Tag Archives: Cadwell Park

CSCC – Cadwell Park – June 2021

Thruxton or Cadwell, Cadwell or Thruxton was the debate; an argument which Cadwell ultimately won due to MSV’s far superior ticketing system, a shorter commute and opportunity to see the highly entertaining Classic Sports Car Club crowd at one of the UK’s finest circuits.

With immediate family dropped off en route, and fortunately arriving at the scene of a lorry’s argument with an A46 roundabout before the queues developed, I was pleasantly surprised to park up at Charlies with still 15 minutes remaining of the day’s first qualifying session. Better still the early June heat-wave appeared to be continuing and I, on being instantly reminded of the exceptional spectator viewing on offer, had a feeling we were in for a good day.

Whilst some of the grids fell far short of the numbers witnessed at Donington some 2 weeks earlier the racing did not suffer. In fact some of the closest racing of the day took place in the 6 car Special Saloons and Modsports race where a slow starting Ian Everett (in Tim Cairn’s Midget) eventually found a way passed Neil Duke’s Anglia and the 2.6 litre MK2 Escort of Martin Reynolds to take the race 1 victory. Despite a close encounter with Duke at the Mountain section in the early stages, the MG Hexagon pilot was able to stretch his lead to over 3 seconds by the time the chequered flag was waved following a remarkable pass for the lead around the outside at Mansfield!

Two races for the AR Motorsport Morgan Challenge were a welcome addition to the timetable and whilst both races saw runaway victors; Oliver Pratt claiming a 47 second race 1 victory and Roger Whiteside finishing 17 seconds ahead of his nearest rival in race 2, the battles behind were far less clear cut. Class 4 was the highlight with Steve Lockett (5th overall in both races) eventually claiming a double class victory with Simon Sherry and Tom Richards finishing a close second in each of the respective races.

Morgan Challenge race 1 victor Pratt was also due to start the Future Classics race from pole. However a fluid leak after the formation lap lead to the 4.6 litre Morgan being wheeled away from the grid. This ultimately left the way clear for an intriguing battle for victory between Sam Smith’s MX-5 and Martyn & Matthew Ellis’ Sunbeam Lotus. Whilst Martyn Ellis lead the early stages, a 30 second pitstop penalty for winning the previous round entered ensured Matthew Ellis would return to the track behind the pink MX-5 of Smith. Fastest lap after fastest lap ensued and remarkably the Sunbeam pilot appeared to have snatched victory in the closing stages, only to be landed with a 30 second post race penalty for a 0.9 second too short pit stop!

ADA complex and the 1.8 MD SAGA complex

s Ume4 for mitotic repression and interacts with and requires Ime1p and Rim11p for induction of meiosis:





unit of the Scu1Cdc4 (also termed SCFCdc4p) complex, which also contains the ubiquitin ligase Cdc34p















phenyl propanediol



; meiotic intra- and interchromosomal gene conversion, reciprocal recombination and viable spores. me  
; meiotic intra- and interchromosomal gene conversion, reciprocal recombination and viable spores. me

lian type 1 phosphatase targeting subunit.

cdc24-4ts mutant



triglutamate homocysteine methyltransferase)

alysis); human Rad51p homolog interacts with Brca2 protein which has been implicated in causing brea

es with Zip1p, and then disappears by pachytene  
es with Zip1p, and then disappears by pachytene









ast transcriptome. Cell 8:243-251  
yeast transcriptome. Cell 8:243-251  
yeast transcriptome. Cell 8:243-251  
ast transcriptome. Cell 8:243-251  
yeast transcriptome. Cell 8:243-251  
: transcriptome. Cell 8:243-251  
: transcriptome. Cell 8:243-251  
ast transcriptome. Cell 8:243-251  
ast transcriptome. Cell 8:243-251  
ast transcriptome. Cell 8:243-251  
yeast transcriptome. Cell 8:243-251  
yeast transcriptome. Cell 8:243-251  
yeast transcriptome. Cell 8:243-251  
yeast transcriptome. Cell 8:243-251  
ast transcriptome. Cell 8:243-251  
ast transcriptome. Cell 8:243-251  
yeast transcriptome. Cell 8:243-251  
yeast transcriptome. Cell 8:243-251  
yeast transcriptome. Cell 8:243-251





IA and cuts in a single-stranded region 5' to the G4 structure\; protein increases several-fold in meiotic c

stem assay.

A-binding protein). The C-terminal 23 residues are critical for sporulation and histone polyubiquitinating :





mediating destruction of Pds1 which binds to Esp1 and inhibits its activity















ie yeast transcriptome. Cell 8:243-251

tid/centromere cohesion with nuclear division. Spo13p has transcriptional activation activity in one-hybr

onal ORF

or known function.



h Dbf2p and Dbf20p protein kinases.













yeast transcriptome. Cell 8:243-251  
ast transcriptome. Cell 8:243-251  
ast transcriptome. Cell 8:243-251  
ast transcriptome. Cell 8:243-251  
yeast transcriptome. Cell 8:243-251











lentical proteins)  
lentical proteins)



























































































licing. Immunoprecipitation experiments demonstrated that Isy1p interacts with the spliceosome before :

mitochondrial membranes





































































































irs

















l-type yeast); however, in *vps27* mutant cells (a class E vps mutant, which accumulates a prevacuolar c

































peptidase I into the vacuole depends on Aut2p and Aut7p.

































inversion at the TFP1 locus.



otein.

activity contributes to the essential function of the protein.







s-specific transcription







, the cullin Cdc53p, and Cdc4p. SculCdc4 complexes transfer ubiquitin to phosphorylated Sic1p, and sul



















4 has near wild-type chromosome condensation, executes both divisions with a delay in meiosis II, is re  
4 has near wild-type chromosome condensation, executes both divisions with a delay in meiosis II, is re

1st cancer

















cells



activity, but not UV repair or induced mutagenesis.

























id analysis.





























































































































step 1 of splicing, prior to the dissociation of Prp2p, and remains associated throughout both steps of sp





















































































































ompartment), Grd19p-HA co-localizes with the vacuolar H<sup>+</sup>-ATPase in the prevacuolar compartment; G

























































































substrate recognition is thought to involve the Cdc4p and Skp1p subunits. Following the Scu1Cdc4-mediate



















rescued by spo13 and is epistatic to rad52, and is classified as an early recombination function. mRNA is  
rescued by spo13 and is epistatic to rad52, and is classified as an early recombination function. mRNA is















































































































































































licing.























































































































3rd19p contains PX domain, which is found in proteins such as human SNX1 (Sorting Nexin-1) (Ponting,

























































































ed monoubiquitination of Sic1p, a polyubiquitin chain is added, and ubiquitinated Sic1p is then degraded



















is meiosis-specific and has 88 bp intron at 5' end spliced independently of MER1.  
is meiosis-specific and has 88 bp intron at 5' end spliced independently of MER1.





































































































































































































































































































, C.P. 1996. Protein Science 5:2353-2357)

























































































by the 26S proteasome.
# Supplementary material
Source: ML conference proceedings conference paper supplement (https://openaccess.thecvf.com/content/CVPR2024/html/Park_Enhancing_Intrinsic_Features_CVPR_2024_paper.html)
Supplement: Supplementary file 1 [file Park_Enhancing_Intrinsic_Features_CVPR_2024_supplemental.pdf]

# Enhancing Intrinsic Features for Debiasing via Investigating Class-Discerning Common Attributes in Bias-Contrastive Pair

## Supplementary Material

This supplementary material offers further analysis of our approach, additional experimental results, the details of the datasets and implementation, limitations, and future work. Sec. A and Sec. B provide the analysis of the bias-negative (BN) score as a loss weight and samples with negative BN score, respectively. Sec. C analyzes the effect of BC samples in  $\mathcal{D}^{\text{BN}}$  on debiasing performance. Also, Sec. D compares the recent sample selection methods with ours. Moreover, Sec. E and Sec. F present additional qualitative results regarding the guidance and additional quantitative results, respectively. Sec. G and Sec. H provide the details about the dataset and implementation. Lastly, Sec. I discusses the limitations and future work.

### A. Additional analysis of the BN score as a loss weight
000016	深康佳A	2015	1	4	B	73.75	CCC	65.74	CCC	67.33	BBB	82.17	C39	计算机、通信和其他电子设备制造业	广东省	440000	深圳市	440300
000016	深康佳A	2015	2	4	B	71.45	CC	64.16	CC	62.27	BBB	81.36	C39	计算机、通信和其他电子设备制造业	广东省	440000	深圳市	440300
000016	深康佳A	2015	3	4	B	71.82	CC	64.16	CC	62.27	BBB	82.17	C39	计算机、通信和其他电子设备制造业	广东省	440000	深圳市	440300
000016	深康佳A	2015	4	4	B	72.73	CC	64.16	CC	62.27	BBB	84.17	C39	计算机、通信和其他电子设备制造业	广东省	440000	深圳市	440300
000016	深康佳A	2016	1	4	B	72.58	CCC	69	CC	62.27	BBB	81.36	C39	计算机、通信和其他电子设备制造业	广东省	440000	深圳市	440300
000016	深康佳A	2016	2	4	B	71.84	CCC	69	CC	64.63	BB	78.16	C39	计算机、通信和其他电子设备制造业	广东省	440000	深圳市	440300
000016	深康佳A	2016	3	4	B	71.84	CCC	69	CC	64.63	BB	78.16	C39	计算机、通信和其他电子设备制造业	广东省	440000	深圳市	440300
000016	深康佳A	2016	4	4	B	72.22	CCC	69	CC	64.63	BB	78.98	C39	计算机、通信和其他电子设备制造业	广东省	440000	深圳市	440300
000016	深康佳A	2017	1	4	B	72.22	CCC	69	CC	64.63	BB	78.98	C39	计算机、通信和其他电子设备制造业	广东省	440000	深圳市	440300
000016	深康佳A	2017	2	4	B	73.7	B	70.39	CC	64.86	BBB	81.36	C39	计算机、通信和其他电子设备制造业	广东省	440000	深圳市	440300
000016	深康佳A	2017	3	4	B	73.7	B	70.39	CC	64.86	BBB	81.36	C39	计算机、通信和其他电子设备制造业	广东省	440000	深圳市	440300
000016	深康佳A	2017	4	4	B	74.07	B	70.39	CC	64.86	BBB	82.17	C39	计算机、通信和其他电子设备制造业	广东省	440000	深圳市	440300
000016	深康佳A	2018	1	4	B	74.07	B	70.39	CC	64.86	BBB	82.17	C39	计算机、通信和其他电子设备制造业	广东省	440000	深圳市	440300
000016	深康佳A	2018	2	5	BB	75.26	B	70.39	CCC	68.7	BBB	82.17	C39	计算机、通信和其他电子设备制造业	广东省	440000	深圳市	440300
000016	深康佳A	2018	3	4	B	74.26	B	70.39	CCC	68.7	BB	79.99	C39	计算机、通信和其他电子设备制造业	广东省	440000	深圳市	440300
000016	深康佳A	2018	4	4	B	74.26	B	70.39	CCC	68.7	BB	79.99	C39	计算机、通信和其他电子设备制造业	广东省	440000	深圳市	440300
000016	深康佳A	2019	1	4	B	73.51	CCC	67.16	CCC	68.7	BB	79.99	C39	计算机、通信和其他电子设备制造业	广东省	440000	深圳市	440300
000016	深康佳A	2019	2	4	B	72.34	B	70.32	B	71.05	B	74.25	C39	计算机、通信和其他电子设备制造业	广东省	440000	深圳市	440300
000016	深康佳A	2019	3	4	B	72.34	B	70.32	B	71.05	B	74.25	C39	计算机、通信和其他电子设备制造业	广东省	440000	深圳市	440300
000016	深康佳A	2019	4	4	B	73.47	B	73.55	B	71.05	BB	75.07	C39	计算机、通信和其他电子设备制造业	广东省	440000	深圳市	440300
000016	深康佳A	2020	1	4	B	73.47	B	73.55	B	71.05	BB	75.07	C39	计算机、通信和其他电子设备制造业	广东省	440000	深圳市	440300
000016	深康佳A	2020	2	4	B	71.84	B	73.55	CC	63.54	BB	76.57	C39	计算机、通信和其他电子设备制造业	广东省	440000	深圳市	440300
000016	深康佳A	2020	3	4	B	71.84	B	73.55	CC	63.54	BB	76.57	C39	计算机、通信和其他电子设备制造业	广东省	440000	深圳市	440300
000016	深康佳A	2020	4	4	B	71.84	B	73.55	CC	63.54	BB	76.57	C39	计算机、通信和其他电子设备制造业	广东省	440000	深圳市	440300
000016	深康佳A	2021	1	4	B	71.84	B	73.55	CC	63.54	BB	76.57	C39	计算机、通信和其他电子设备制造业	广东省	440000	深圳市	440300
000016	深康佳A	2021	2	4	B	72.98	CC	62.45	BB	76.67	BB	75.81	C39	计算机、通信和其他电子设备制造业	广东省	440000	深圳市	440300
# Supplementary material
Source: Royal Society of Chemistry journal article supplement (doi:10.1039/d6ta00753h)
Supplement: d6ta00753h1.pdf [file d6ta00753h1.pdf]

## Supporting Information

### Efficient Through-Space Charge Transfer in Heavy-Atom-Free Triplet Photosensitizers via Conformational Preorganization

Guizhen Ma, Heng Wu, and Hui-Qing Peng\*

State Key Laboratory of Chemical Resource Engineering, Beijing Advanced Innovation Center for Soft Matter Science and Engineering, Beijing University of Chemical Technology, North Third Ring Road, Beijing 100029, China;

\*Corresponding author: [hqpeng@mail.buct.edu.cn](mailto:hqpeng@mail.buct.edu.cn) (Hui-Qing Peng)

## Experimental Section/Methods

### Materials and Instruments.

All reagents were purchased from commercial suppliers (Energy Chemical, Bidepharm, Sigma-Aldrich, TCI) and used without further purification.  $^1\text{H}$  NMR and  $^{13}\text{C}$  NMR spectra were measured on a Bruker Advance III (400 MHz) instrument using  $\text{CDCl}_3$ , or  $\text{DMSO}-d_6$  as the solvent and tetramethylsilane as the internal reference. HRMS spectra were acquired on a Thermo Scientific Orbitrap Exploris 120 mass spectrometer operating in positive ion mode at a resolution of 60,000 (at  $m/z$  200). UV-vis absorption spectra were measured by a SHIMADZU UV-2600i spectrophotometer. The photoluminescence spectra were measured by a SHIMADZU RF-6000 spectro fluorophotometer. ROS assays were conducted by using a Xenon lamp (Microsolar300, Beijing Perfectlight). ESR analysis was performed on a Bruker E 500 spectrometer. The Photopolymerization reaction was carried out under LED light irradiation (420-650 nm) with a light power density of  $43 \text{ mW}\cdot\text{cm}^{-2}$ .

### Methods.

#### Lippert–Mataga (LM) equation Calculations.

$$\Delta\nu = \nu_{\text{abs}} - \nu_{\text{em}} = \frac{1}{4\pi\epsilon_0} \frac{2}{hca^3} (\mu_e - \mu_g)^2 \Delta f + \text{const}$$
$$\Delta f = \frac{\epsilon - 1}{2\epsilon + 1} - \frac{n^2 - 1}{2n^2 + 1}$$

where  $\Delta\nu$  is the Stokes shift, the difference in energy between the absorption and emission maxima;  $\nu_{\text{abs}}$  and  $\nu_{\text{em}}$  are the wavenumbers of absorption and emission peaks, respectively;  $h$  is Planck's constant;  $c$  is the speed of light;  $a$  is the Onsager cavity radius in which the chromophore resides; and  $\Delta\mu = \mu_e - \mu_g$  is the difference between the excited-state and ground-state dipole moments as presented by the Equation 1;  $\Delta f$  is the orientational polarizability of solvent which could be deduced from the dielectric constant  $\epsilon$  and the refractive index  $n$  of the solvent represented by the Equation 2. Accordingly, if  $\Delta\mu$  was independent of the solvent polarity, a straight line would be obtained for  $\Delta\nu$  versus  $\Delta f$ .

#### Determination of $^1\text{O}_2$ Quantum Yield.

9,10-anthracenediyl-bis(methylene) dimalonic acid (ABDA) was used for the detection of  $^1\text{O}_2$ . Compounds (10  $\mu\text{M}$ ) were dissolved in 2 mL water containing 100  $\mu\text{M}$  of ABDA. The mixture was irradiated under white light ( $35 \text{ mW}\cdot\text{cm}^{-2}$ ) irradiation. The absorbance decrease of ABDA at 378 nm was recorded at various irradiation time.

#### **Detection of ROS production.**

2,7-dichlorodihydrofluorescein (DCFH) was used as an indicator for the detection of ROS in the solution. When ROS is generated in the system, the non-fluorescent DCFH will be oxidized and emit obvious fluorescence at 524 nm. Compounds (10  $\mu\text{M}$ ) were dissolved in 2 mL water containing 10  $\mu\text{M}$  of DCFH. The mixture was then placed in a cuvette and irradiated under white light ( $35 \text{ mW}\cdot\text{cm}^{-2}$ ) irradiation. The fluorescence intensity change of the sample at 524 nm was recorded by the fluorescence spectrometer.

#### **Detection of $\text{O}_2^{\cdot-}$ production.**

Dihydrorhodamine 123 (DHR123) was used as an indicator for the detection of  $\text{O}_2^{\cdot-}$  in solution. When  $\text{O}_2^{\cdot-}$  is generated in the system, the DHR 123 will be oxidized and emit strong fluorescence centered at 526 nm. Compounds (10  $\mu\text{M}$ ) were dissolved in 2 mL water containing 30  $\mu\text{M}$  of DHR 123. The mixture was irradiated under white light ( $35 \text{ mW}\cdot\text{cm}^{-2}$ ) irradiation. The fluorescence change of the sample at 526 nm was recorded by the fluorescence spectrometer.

The Swinging Sixties Group 1 race (for smaller engine capacity cars) was perhaps the highlight of the day where Ian Staines worked his way to the front of the impressive 27 car field by the end of lap 1. And despite never relinquishing the top position, the MG Midget pilot was under pressure throughout the opening half of the race with Chris Watkinson’s Austin Mini and Tim Cairn’s pole sitting Turner in hot pursuit. The Mini challenge would sadly fade with troubles at the pitstop leaving Cairn’s to provide the main opposition. But whilst the Turner pilot seemed to be right up there on ultimate pace, the Midget seemed more at ease in the traffic, leaving Staines to claim a well deserved 9 second victory.

The more powerful Swinging Sixties machines would form the Group 2 grid, and having cemented pole by over 1 second, Jamie Keevil in his Lotus Elan would take an early lead. Any thoughts of a stroll to victory however were quickly dispelled as the Lotus 7 of John and Tom Muirhead was able to keep the Elan in sight. But despite setting fastest lap of the race, the Lotus 7 duo were not able to mount a serious challenge for victory and ultimately ended the event 9 seconds in arrears. Following the pitstops, Jonathan Crayston and David McDonald would find themselves locked in a battle for the final podium position and it would be the TR6 of McDonald that would come out on top following a late overtake, thus ending a Lotus class lockout of the podium positions.

And last but least (not in race order), disappointingly just 9 cars took the start of the Mintex Classic K race which even around the relatively short Cadwell park left plenty of quiet gaps. That aside the racing remained enjoyable with little to choose between the top 3 runners, Jon Wolfe’s Elan, the David Beresford / David Morrison MG B and the TR4 of Neil Howe. Pole sitter Wolfe just had the edge throughout though with his Elan taking the flag 6 seconds clear of Morrison’s MG. The battle of the race was for 4th spot however, where for lap after lap Nick Jesty, in his 1293 Mini, tried his absolute best to find a way passed Steve Chapman’s TR4. After the pitstops it looked like the Austin pilot had finally cracked it only for the more powerful Triumph to find a way back through. Fabulous racing.